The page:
But if it is plugged in, it will keep the battery cooled indefinitely, as needed.

And, when you realize that the Leaf batteries in Phoenix, Arizona, which reaches closer to 115 degrees in summer, lost as much as 30% of their capacity in only a few years, due to no liquid cooling provided by Nissan, you realize we don't want to allow the Volt or Bolt batteries to suffer that loss because of neglect.

So I leave mine plugged in all day in the summer months when it is over 90 degrees.
 

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Haven't found anything, yet, about needing to keep it plugged in in the heat, but it makes total sense to do so, since the AC needs to run to cool stuff down.
The Volt will only run the battery conditioning systems when it's powered on or plugged in. That is why it's good to have it plugged in if it'll be in severe temperatures. It will both help keep the battery healthy and it will slightly increase EV range since the battery will be at a proper temperature when you start driving.

During extreme temperatures, you'll likely notice the Volt will constantly be running its cooling/heating systems to keep the battery and inverter at healthy temperatures. You may also notice it when you turn on only the fan, the air will turn cold since the AC is running to cool the battery. This is because the Volt uses the same AC system for the cabin and battery.
 

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For daily driving I wouldn't be too concerned. The Volt battery is heavily insulated, and the TMS will cool down the battery to normal temperatures at least twice a day. I assume 12 hours in the hot sun is fine with the heavily insulated battery since it will take a long time for the battery to heat up to unsafe temperatures. Shade would probably be better, but perhaps someone else could chime in. Some Volt owner's out there should be able to say they have or have not lost measurable range over the 5 years since the gen1 came out in 2012, due to daily parking in the hot sun. The Volt battery is much more protected than the leaf due to TMS cooling.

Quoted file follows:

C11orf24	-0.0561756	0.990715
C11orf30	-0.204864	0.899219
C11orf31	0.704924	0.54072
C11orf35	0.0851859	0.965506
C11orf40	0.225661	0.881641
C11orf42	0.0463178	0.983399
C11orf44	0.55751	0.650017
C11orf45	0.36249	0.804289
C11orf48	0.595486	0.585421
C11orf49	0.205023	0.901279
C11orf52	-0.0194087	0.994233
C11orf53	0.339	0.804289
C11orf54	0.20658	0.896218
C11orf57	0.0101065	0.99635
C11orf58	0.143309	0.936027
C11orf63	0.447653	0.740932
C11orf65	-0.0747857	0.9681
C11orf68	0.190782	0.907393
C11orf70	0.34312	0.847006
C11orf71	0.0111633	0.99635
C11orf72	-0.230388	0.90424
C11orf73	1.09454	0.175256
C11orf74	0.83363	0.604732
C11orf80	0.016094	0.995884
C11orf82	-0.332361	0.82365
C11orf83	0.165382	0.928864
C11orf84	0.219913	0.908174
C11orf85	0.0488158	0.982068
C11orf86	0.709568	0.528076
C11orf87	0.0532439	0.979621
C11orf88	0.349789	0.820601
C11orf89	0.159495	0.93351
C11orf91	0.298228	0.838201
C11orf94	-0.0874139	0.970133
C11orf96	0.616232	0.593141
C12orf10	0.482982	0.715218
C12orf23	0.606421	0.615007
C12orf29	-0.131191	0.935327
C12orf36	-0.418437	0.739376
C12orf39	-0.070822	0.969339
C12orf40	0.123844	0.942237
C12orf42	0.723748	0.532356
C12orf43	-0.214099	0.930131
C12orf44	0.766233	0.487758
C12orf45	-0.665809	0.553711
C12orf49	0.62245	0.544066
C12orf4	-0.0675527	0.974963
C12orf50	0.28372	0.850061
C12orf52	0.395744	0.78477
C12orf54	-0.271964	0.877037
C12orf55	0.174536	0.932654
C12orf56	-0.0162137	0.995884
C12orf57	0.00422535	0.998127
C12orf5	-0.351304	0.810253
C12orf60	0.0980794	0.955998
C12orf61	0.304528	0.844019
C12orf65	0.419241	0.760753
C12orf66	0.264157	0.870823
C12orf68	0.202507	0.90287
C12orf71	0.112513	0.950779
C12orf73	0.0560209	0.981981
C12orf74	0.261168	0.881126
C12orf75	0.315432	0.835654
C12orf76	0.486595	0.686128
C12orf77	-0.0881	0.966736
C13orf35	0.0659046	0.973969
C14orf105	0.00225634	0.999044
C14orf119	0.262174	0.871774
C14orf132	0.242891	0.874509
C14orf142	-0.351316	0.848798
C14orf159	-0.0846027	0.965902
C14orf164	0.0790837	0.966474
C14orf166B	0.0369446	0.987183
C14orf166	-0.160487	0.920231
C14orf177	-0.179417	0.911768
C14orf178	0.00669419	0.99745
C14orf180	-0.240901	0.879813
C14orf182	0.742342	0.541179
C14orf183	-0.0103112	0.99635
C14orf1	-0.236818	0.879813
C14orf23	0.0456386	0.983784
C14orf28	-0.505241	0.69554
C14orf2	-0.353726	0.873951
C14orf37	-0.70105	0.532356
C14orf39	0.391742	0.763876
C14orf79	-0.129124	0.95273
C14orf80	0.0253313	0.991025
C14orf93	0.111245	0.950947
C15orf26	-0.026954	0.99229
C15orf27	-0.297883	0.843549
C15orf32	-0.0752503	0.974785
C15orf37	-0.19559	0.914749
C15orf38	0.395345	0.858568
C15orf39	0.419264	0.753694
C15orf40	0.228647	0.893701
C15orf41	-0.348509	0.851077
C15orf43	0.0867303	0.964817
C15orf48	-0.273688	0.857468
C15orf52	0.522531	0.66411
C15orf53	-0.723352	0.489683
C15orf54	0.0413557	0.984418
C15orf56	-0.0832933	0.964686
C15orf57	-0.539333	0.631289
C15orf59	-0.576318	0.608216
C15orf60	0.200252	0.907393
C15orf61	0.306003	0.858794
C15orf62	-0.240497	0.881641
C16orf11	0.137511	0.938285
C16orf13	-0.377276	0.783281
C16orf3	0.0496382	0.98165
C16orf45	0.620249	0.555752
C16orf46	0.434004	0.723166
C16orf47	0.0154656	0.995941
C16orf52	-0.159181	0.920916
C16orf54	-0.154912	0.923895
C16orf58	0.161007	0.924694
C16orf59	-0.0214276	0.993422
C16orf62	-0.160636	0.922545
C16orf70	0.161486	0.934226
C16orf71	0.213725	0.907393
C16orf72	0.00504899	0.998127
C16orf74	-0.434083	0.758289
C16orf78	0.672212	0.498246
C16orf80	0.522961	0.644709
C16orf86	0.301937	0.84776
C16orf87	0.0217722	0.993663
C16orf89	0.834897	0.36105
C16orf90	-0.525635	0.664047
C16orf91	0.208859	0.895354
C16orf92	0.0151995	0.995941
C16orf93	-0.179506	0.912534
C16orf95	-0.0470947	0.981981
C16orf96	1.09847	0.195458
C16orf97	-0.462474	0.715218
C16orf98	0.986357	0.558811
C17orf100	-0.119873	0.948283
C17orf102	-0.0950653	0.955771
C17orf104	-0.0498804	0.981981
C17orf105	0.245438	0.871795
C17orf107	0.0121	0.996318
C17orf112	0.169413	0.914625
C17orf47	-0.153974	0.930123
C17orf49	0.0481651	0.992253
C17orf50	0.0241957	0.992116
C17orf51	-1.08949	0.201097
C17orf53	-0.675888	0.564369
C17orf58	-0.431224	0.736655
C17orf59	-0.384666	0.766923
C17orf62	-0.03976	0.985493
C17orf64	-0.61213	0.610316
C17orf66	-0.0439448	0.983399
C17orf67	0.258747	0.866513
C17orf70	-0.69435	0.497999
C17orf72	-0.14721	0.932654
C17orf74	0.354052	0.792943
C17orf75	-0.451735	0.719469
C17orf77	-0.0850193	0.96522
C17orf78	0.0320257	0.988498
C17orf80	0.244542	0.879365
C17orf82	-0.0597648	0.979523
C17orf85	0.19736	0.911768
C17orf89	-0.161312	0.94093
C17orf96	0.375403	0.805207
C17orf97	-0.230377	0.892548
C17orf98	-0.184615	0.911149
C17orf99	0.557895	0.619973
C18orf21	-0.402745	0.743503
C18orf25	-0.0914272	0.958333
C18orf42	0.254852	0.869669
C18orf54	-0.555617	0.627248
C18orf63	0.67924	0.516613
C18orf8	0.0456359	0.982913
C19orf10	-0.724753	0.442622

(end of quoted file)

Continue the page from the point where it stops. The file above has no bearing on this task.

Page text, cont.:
But I do have a question. We're driving to the airport in a week and half, with shaded parking. The Austin daily summer temperature range is from 76 to 100 or sometimes hotter. If the gen2 gets to the Airport with a 65% battery charge, is that too stressful? We could arrange to get to the airport with a 50% charge, or take a Shuttle and leave the car home.
 

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Basically, plug in when you can, don't worry about it when you cannot. Remote start is nice (for the human entering the car). As for when the AC turns on, it's not dependent on outside temp, but the temp of the insulated battery. It will turn on the AC when it needs to. Some people like to turn on Fan Only thinking they are getting free AC, but it's not free. You're actually robbing the battery of coolness. My entire family Comfort and hates Eco modes. Just drive, enjoy, and don't go through heroics for a few hundred feet of range.
 

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At work (we're in the Shenandoah Valley of Virginia) there are now 5 Volts. We're very fortunate that our work site runs the chargers from an experimental solar farm they are testing so we get free juice. Recently we had a micro-heatwave and I was coming out at the end of the day to 101 temps in the parking lot.